In the chemolithotrophic, thermophilic, acidophilic crenarchaeota, Acidianus ambivalens, the essential residues comprising the H+ channel of the quinol oxidase (TC #3.D.4.9.1) are lacking, and the enzyme is believed to pump protons purely by chemical charge separation. In this six subunit enzyme complex, only the heme-bearing subunit I (DoxB) is demonstrably homologous to subunits in other quinol oxidases.

The bacterial respiratory nitric oxide reductase (NOR (3.D.4.10.1 and 2)) is a member of the super-family of O2-reducing, proton-pumping, heme-copper oxidases. Even though NO reduction is a highly exergonic reaction, NOR is not a proton pump and rather than taking up protons from the cytoplasmic (membrane potential negative) side of the membrane, like the heme-copper oxidases, NOR derives its substrate protons from the periplasmic (membrane potential positive) side of the membrane. In these complexes, Glu-122 in NorB contributes to defining the aperture of a non-electrogenic 'E-pathway' that serves to deliver protons from the periplasm to the buried active site in NOR (Flock et al., 2007).

Cytochrome c oxidase catalyses the one-electron oxidation of four molecules of cytochrome c and the four-electron reduction of O2 to water. Electron transfer through the enzyme is coupled to proton pumping across the membrane. Protons that are pumped as well as those that are used for O2 reduction are transferred though a specific intraprotein (D) pathway. Replacement of residue Asn139 by an Asp, at the beginning of the D pathway, results in blocking proton pumping without slowing uptake of substrate protons used for O2 reduction. Introduction of the acidic residue results in an increase of the apparent pK(a) of E286, an internal proton donor to the catalytic site, from 9.4 to ~11. Lepp et al (2008) investigated intramolecular electron and proton transfer in a mutant cytochrome c oxidase in which a neutral residue, Thr, was introduced at the 139 site. The mutation resulted in uncoupling of proton pumping from O2 reduction with a decrease in the apparent pK(a) of E286 from 9.4 to 7.6.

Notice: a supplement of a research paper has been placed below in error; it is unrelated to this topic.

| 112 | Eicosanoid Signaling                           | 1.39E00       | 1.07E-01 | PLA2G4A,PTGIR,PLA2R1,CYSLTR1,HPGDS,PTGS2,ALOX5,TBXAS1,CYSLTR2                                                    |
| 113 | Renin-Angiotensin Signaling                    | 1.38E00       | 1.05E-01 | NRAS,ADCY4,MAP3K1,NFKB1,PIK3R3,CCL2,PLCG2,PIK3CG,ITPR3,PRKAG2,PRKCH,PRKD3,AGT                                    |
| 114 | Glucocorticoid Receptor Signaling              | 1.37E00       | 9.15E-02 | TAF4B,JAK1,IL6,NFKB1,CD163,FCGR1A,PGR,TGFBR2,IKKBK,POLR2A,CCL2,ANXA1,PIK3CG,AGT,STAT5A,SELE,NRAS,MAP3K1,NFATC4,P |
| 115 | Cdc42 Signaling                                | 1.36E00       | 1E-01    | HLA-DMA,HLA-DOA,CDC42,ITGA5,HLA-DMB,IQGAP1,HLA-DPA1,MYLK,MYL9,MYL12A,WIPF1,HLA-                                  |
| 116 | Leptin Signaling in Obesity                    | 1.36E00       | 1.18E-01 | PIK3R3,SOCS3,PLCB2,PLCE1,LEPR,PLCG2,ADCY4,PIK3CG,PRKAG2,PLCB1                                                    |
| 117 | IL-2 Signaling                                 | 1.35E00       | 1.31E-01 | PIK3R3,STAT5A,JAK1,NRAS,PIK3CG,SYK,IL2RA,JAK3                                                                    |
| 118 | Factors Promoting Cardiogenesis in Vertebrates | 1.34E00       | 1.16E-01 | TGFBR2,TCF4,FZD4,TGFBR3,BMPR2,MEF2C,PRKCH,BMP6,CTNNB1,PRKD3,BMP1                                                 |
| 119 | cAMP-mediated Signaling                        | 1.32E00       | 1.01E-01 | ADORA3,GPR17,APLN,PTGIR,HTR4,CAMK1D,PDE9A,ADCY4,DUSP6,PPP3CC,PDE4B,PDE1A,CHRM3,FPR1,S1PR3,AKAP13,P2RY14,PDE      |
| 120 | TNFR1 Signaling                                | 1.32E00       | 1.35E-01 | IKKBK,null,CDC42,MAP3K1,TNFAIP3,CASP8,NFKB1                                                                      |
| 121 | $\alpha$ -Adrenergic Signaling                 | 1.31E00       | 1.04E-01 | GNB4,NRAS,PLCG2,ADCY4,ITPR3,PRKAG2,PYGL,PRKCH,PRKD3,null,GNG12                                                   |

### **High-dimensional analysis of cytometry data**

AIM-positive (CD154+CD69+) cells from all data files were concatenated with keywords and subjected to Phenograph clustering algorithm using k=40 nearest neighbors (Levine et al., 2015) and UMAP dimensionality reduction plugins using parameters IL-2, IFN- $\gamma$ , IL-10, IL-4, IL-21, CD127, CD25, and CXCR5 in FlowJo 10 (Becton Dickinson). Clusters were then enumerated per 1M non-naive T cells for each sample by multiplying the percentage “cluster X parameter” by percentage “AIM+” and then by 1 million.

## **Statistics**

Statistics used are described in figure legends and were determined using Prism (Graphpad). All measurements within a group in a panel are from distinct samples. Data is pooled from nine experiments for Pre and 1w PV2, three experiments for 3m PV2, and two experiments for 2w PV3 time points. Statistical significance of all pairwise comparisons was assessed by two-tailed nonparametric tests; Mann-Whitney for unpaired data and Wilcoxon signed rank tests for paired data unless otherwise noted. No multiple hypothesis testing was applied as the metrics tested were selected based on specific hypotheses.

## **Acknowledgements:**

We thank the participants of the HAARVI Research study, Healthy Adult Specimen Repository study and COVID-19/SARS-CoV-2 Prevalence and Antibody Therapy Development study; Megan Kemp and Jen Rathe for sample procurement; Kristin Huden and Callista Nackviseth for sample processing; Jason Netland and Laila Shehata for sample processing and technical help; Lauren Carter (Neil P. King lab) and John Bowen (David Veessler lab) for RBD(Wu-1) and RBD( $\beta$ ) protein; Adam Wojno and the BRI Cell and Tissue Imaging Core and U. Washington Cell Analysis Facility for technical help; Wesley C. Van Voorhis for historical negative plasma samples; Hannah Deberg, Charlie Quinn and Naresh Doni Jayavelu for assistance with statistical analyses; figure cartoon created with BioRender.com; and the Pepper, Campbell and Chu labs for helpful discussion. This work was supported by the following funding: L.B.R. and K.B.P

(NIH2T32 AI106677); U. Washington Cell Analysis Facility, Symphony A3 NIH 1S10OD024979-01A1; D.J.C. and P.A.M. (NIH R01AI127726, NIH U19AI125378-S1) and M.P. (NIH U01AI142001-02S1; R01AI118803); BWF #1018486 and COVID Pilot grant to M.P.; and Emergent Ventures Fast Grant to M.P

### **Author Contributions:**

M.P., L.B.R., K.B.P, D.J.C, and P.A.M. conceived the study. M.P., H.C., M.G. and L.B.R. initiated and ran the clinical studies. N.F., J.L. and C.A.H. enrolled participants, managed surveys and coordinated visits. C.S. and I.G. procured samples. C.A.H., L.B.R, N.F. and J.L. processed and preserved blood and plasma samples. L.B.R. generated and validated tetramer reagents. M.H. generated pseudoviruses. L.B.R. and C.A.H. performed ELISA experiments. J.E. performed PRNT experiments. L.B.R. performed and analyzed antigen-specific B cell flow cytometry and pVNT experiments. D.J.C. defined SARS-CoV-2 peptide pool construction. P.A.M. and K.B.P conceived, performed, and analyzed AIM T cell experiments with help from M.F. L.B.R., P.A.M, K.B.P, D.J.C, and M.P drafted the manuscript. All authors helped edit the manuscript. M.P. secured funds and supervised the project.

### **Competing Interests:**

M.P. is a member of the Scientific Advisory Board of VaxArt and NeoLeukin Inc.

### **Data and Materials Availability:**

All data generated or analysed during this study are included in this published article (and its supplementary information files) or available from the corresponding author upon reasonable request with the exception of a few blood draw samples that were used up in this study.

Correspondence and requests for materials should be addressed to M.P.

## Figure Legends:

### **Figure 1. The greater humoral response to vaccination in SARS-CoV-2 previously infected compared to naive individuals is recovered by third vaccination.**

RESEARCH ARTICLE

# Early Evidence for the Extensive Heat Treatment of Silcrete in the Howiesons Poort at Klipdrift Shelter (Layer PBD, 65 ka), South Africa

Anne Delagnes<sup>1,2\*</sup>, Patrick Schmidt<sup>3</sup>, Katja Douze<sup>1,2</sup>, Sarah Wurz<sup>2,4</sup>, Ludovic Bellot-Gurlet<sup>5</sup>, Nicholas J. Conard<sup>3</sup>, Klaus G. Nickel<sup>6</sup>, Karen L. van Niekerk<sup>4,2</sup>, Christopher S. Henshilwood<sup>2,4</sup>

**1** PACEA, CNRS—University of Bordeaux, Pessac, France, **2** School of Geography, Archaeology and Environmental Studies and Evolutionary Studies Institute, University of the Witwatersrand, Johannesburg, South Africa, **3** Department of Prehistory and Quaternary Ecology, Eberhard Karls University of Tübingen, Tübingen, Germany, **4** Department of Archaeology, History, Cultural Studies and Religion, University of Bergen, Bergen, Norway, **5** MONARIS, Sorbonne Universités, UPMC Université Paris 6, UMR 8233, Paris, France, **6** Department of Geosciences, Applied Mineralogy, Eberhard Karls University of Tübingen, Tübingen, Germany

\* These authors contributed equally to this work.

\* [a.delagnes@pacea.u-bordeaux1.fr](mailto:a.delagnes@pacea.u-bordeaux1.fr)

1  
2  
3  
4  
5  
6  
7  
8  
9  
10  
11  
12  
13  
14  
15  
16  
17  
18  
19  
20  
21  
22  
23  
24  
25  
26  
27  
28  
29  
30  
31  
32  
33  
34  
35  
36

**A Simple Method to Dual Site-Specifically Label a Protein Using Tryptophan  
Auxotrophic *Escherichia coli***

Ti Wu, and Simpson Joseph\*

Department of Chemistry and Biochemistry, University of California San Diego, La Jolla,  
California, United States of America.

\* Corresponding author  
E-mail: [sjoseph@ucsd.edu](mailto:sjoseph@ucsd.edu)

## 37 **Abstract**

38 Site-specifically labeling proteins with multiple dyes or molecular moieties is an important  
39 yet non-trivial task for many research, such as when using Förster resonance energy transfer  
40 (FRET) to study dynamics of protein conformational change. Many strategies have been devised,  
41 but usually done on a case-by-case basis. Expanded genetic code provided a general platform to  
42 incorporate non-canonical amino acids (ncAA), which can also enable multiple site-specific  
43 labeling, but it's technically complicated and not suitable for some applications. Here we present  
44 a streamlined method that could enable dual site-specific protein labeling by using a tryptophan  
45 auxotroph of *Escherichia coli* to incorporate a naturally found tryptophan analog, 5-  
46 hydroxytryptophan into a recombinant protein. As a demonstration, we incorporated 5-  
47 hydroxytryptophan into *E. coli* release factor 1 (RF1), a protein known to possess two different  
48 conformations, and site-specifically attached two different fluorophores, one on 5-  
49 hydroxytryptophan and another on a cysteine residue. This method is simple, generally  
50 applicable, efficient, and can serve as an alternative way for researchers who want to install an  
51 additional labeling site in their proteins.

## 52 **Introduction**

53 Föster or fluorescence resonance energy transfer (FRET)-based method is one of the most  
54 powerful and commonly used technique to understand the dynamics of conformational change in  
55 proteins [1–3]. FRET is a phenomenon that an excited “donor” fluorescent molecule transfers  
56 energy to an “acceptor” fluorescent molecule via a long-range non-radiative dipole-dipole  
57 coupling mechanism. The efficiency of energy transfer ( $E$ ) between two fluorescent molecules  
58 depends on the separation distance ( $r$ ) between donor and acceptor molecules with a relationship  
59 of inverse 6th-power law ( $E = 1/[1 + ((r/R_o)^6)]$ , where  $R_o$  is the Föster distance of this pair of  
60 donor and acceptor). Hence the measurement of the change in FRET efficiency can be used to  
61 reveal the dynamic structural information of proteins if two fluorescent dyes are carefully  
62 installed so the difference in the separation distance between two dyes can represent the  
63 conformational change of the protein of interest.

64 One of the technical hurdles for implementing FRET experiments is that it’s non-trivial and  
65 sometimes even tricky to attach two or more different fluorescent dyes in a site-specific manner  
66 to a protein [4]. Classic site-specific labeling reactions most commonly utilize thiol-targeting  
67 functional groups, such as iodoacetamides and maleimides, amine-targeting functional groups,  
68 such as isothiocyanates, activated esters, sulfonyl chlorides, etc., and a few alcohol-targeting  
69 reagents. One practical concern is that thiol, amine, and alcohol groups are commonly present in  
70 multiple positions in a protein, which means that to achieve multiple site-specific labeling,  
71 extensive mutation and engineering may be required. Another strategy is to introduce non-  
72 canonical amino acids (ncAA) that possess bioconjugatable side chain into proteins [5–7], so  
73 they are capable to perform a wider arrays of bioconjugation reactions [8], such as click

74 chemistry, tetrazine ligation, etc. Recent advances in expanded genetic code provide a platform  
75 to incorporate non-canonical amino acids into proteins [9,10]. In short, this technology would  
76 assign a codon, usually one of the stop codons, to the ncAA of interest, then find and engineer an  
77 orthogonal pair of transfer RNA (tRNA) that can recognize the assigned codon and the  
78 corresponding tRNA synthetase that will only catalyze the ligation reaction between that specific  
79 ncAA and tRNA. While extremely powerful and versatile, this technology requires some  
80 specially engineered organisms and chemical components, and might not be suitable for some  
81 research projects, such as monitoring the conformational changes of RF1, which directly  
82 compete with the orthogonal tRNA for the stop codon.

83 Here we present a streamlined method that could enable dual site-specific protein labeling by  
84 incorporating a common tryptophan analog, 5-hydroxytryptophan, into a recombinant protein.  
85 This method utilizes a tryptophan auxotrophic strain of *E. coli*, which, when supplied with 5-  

Human diseases associated with COX deficiency including encephalomyopathies, Leigh syndrome, hypertrophic cardiomyopathies, and fatal lactic acidosis are caused by mutations in COX subunits or assembly factors (Diaz, 2010).  A mutation in COA3 causes a phenotype characterised by neuropathy, exercise intolerance, obesity, and short stature (Ostergaard et al. 2015).

Heme-copper oxidases (HCuOs) terminate the respiratory chain in mitochondria and most bacteria. They are transmembrane proteins that catalyse the reduction of oxygen and use the liberated free energy to maintain a proton-motive force across the membrane. The HCuO superfamily has been divided into the oxygen-reducing A-, B- and C-type oxidases as well as the bacterial NO reductases (NOR), catalysing the reduction of NO in the denitrification process. Proton transfer to the catalytic site in the mitochondrial-like A family occurs through two well-defined pathways termed the D- and K-pathways. The B, C, and NOR families differ in the pathways as well as the mechanisms for proton transfer to the active site and across the membrane. Structural and functional investigations, focussing on proton transfer in the B, C and NOR families are discussed by Lee et al. (2012).